Total volumes of US-origin crude exports are expected to see minimal impacts from spike in US Gulf Coast-loading VLCC freight rates of more than 128% since September 25, as a combination of geopolitical and pre-IMO 2020 factors reduced the VLCCs fleet capacity by 15%. Marginalized VLCC tonnage includes 42 COSCO units following US sanctions on two affiliates of COSCO Shipping Co. and 38 VLCCs owned by the National Iranian Tanker Company, an S&P Global Platts Analytics Spotlight report showed Monday. It also includes 24 VLCCs currently used for floating storage of low-sulfur bunkers or low-sulfur blending components to facilitate the switchover from 3.5% sulfur to 0.5% sulfur bunkers by January 2020, and 20 units currently dry docked for scrubber installations ahead of the IMO 2020 deadline.

Yet, the initial spark that fueled the pre-IMO 2020 storm were the US sanctions on tonnage of COSCO Shipping Tanker (Dalian) and COSCO Shipping Tanker (Dalian) Seaman & Ship Management Co., which sent the cost of taking VLCCs out of the USGC to unprecedented highs over the past two weeks. S&P Global Platts on Tuesday assessed freight for the key VLCC 270,000 mt USGC-China route at lump sum $18 million, up 128% from September 25 — the day before the sanctions news emerged — after peaking at $21 million on Monday.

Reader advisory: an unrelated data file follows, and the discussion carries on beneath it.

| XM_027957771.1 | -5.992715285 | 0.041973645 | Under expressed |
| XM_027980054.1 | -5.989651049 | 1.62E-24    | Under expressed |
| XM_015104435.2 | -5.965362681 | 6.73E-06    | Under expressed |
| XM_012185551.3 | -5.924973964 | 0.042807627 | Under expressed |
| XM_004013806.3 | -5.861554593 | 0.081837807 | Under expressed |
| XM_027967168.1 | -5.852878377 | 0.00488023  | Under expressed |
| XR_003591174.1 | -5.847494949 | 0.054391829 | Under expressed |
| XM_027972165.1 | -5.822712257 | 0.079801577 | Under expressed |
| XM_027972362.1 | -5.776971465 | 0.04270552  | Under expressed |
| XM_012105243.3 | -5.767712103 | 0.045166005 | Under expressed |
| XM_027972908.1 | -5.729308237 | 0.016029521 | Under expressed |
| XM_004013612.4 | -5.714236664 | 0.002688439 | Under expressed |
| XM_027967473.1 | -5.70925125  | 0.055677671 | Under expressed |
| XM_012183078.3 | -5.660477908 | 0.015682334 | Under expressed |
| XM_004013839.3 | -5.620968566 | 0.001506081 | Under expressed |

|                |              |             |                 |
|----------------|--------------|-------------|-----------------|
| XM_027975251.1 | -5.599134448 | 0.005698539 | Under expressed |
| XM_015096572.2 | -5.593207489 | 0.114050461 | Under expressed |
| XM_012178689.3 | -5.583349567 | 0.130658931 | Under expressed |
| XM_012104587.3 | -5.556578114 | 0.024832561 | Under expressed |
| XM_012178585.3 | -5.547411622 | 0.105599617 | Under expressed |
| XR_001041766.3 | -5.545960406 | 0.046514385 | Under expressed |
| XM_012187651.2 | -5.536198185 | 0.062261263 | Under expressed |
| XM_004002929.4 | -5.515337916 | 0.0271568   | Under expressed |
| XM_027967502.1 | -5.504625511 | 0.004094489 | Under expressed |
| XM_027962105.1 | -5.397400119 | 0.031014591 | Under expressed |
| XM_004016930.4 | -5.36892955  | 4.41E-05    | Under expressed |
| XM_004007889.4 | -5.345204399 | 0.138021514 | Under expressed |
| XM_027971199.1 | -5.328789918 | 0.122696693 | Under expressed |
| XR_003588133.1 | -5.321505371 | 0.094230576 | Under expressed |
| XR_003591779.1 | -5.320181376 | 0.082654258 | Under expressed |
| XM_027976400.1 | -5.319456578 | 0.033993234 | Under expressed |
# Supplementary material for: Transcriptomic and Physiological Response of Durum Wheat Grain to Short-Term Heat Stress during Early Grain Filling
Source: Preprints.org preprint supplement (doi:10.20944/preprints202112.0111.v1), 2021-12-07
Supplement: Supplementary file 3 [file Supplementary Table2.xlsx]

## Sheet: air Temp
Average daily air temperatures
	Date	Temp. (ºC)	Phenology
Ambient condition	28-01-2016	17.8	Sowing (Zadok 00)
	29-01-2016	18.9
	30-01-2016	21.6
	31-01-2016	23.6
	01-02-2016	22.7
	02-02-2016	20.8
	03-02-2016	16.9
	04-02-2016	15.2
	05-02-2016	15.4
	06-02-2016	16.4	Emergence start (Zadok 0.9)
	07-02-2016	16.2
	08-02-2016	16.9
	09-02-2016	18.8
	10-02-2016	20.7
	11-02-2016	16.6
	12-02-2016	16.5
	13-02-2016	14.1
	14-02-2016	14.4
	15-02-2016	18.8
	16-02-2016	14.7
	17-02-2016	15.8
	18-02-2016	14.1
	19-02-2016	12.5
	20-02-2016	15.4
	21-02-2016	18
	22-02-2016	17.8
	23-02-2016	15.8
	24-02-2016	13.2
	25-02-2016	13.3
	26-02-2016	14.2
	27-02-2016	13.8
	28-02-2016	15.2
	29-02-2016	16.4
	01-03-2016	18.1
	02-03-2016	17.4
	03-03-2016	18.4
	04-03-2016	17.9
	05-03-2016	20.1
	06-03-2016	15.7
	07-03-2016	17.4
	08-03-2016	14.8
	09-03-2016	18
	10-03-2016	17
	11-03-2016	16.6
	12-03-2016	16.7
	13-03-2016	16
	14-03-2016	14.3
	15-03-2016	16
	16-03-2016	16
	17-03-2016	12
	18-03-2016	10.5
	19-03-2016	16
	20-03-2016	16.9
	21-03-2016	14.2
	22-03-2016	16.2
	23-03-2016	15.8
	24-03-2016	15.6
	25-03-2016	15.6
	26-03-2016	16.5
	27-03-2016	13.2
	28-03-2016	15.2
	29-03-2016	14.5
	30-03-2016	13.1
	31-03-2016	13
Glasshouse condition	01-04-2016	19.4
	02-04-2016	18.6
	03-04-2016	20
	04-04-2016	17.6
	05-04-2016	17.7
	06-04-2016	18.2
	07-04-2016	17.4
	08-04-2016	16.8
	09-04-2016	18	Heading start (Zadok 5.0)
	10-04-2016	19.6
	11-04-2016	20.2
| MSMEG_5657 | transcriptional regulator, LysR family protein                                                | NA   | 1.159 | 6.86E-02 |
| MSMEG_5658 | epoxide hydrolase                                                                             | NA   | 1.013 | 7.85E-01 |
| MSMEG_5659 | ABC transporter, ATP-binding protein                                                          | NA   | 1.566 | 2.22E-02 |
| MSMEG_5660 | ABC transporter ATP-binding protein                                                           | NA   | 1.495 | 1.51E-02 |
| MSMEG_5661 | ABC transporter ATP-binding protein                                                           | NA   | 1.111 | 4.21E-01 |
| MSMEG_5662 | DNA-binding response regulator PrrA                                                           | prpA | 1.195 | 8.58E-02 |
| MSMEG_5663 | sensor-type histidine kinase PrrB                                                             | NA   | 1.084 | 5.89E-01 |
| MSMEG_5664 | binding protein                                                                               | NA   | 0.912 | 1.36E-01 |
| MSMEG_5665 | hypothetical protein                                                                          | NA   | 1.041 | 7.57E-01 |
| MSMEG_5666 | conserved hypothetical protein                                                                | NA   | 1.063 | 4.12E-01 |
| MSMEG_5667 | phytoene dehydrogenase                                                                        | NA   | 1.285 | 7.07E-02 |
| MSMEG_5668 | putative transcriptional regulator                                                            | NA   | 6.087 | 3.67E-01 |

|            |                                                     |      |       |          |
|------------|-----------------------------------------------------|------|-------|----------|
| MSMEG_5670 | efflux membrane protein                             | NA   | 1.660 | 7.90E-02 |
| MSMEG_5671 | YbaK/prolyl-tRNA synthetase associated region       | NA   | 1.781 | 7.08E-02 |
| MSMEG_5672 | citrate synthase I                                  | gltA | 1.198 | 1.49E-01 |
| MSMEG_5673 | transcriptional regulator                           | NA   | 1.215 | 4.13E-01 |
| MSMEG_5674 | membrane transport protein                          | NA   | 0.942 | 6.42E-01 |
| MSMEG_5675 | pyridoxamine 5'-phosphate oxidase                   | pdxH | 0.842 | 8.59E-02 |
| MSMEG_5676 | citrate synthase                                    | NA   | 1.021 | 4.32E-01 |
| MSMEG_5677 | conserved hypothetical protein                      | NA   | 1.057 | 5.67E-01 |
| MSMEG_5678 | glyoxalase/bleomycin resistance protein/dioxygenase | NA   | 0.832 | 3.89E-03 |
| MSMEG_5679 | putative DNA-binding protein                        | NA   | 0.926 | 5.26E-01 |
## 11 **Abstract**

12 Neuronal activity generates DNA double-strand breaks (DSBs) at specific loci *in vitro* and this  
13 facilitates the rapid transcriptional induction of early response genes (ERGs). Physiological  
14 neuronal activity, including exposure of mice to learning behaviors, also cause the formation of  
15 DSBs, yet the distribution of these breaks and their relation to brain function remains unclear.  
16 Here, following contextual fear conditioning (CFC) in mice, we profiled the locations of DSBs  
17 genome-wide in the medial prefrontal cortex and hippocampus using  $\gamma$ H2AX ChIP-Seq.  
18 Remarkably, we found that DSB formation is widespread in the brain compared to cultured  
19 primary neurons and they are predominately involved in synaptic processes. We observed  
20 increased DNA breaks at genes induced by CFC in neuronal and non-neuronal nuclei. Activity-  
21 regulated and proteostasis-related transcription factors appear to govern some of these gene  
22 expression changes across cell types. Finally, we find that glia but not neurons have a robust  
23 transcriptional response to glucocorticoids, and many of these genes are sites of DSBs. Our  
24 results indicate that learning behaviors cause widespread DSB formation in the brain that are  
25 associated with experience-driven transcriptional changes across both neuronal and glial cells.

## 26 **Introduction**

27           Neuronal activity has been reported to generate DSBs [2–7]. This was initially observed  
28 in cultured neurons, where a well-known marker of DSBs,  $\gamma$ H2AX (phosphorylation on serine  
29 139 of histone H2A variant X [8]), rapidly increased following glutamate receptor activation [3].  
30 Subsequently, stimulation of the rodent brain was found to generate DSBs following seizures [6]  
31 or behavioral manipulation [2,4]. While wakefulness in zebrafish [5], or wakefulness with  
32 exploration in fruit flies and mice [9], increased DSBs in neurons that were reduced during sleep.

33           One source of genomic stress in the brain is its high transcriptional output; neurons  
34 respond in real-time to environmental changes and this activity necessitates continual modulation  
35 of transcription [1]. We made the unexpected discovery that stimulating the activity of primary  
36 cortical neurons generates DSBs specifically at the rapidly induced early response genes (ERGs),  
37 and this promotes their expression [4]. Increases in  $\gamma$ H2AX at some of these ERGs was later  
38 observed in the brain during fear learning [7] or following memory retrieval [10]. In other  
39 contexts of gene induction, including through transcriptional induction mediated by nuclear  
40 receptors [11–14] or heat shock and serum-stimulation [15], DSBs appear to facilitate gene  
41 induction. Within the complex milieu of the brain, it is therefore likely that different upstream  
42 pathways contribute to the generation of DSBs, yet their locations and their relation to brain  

The arbitrage window for bringing US-origin crude into Asia Pacific markets remains adamantly shut since VLCC freight hit $20 million on October 11, Platts Analytics data showed. Arbitrage opportunities for other key crude grades such as West Africa-loading Bonny Light and Persian Gulf-loading Murban also remain firmly shut.¬†“If freight rates stay this high then US crude prices will have to fall,” Sandy Fielden, Director, Oil Research, Morningstar Commodity Research, said last Thursday at the Crude Oil Quality Association conference in Dallas. “No one is going to buy crude that is more expensive than what is available in their immediate region. It’s a world market and the only way for us to compete is through price.”¬†The economics of taking US-origin crude will have to adjust to keep export barrels moving, likely leaving FOB prices to absorb the increase in freight, according to Platts Analytics.